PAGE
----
This film was the first of six Soderbergh/Clooney collaborations (not counting the short-lived HBO series “K Street,” which they co-produced) and the duo hasn’t topped it yet. “Out of Sight,” based on the Elmore Leonard book, pits bank robber Clooney against tough-but-sexy US Marshal Jennifer Lopez in more ways than one. She’s hot on his tail, but the sexual attraction between the outlaw and lawwoman is undeniable. Every moment of “Out of Sight” is an absolute pleasure, from the scene where Clooney and Lopez flirt with each other as captor/victim in the trunk of a car to the absurdly explosive robbery at the end of the movie. Soderbergh corrals a giant cast (Don Cheadle, Steve Zahn, Albert Brooks, Ving Rhames, and Michael Keaton in a hilarious cameo playing his “Jackie Brown” character) and flashes confidently forward and backward, revealing key details just as they matter the most. It was this movie that convinced Hollywood that they had a leading man with old school charm on their hands. If you haven’t seen it, rent it now and notice how timeless it feels.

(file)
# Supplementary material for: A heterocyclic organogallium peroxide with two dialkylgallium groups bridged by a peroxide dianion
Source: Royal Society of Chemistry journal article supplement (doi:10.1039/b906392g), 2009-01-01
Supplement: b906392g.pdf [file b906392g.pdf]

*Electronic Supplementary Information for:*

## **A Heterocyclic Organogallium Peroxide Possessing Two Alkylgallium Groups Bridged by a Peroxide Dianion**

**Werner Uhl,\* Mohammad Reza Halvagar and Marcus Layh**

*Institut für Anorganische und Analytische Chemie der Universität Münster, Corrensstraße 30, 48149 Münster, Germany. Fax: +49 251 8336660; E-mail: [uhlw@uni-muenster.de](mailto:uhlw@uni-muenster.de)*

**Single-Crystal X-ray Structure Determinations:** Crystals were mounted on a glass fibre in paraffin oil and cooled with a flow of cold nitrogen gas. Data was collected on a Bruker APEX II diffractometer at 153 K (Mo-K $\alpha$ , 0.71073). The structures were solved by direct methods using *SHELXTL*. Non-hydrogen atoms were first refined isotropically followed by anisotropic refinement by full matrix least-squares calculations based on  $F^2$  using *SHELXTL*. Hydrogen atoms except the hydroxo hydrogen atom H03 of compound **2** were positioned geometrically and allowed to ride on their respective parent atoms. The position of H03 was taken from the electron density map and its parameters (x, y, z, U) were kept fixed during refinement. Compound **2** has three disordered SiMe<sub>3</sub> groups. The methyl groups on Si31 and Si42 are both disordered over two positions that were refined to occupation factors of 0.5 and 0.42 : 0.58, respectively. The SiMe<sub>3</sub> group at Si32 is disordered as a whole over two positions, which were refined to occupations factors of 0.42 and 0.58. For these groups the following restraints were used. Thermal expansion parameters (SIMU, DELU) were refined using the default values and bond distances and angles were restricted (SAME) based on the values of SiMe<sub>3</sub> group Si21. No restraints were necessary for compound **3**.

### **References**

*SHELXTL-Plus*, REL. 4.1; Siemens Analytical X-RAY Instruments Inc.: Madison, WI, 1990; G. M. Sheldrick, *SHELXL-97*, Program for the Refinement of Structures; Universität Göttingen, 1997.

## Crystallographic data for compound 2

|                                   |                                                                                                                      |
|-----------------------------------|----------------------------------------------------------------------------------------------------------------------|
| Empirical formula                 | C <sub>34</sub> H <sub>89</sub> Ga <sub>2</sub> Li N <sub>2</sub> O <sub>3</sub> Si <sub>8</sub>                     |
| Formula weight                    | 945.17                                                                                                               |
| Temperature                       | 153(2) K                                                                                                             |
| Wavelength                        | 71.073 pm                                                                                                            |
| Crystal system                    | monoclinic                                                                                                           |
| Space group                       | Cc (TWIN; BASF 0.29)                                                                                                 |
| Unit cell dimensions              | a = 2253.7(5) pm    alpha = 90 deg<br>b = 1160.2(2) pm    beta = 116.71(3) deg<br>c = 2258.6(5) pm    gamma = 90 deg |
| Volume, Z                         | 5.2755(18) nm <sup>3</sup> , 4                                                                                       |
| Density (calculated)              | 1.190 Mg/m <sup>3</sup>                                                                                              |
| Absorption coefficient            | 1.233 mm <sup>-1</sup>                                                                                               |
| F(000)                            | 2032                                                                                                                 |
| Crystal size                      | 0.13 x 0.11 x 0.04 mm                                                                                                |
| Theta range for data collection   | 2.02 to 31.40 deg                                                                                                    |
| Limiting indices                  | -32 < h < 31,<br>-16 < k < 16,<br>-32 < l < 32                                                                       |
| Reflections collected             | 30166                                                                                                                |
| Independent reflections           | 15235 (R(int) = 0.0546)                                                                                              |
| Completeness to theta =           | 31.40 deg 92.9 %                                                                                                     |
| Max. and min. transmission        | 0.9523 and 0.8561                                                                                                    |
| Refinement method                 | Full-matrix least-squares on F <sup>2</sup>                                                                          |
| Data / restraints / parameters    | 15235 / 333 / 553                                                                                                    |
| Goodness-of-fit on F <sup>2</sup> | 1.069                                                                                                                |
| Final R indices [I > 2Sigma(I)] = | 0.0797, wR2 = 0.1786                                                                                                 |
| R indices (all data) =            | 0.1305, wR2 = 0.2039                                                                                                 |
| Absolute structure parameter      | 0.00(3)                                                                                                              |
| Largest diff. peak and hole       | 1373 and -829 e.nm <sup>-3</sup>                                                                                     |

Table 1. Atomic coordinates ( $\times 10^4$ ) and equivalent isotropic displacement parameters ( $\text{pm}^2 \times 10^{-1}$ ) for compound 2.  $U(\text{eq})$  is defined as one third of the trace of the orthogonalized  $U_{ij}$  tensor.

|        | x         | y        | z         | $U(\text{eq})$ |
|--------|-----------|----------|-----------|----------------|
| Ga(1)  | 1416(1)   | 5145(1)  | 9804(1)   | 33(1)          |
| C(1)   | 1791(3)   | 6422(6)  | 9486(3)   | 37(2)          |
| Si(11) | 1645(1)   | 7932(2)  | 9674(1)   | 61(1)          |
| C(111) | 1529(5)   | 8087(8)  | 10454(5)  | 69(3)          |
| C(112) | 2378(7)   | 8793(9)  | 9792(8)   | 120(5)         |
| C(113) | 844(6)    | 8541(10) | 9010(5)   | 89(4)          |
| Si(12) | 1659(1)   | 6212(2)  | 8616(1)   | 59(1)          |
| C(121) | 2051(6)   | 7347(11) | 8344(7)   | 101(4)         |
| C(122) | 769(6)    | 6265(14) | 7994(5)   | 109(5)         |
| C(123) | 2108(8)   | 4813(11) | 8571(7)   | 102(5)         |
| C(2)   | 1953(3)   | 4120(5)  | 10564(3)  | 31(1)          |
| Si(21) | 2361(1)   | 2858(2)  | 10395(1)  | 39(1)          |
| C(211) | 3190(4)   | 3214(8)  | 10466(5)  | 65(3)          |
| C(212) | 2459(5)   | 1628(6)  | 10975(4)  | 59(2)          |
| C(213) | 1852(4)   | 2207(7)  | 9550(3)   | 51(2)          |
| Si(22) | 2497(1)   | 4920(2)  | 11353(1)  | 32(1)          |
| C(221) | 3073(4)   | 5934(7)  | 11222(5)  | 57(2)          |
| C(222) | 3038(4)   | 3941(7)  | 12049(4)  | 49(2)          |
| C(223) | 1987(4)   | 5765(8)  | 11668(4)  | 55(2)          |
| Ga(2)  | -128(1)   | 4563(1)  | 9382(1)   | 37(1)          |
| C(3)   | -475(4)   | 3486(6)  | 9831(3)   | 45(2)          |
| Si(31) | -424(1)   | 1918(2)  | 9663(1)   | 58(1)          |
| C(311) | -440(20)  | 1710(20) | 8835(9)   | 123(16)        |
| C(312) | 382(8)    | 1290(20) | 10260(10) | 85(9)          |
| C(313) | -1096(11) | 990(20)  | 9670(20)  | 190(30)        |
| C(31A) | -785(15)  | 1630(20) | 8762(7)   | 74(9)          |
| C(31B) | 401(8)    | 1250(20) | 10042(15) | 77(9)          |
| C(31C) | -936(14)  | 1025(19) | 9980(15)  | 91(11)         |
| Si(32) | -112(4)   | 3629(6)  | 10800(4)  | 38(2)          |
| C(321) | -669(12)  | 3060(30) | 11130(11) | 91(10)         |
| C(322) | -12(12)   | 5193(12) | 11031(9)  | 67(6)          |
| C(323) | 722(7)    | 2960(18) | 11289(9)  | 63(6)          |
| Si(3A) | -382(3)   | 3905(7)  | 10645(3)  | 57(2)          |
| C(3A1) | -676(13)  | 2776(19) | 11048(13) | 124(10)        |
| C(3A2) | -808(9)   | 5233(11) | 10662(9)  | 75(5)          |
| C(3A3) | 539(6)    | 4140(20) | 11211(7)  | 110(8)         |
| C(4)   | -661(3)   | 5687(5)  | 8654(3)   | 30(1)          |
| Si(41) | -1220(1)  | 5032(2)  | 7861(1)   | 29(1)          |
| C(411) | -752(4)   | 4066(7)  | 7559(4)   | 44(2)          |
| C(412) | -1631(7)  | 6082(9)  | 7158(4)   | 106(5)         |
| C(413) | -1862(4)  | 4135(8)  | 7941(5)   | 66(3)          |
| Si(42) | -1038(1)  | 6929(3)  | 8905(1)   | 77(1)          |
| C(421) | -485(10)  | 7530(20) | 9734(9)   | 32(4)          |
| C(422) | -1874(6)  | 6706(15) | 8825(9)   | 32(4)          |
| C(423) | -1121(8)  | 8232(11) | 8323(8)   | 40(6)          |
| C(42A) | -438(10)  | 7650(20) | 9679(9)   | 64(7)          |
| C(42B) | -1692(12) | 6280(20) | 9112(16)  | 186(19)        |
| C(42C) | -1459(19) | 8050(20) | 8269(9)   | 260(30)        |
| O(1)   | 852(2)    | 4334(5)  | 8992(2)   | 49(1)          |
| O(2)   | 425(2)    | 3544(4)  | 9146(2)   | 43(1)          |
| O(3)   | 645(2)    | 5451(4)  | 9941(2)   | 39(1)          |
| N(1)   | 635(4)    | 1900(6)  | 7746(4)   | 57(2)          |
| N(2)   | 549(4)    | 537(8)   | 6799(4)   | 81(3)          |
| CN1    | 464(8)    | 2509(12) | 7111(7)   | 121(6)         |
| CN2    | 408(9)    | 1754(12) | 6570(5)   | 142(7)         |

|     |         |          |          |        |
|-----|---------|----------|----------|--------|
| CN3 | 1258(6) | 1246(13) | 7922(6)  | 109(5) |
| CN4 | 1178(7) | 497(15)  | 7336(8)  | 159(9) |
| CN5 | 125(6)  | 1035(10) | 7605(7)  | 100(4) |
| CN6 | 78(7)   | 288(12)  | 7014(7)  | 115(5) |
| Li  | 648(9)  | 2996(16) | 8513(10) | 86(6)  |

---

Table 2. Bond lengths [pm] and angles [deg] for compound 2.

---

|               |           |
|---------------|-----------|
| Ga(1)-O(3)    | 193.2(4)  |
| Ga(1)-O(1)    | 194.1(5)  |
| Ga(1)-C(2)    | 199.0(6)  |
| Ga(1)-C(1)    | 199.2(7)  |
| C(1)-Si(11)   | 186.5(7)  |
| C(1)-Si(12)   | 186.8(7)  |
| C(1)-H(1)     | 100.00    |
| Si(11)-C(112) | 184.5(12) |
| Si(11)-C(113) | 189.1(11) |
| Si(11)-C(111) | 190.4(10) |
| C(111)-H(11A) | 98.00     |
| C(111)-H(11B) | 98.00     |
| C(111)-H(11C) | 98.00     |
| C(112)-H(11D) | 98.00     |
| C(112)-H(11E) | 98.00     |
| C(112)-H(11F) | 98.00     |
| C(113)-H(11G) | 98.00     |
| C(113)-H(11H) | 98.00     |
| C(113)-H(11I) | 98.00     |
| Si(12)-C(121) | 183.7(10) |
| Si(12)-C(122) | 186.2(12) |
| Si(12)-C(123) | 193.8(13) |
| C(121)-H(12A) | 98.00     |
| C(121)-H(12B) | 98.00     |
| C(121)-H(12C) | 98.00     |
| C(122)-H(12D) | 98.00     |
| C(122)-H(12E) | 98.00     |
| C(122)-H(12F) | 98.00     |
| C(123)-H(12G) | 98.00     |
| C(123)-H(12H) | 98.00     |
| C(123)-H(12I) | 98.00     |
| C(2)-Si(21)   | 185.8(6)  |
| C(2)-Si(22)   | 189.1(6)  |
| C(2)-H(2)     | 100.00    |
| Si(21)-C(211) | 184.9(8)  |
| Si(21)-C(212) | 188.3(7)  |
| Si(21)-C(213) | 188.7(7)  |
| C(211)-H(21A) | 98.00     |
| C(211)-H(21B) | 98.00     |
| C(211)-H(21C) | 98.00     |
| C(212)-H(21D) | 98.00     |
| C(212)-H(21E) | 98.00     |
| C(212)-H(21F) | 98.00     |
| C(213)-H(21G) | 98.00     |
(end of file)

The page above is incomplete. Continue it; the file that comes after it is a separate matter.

When asked if he would work with director David O. Russell again after reports of a fistfight between the two broke out on the set of this movie, Clooney responded: “Life’s too short.” Too bad, because this movie works on so many levels and it’s the best film either has made. “Three Kings,” set in the bleached sand of post-Persian Gulf War Iraq circa 1991, is successful as a character drama, a comedy, a war picture, a western, a satire, a visceral action film, a heist movie, and a slice of angry political discourse. It co-stars Ice Cube, Mark Wahlberg, and Spike Jonze as a troop of U.S. soldiers who follow an enigmatic Major (Clooney, who else?) on a mission to steal Kuwaiti gold bullion from Saddam Hussein. As with any good anti-war pic, the enemy, it turns out, aren’t so different from us. In one of a ton of bizarre scenes, after the cease-fire is called, Iraqi soldiers run from smoke-filled bunkers carrying huge piles of American jeans. This irony is just one of many that populate a biting film that carries as much weight now as it did then. In “Three Kings,” Clooney starts out all swagger, but the burden of his choices eventually becomes too heavy to ignore. It’s one of his best all-around performances and “Three Kings” is the best movie he’s ever been involved in.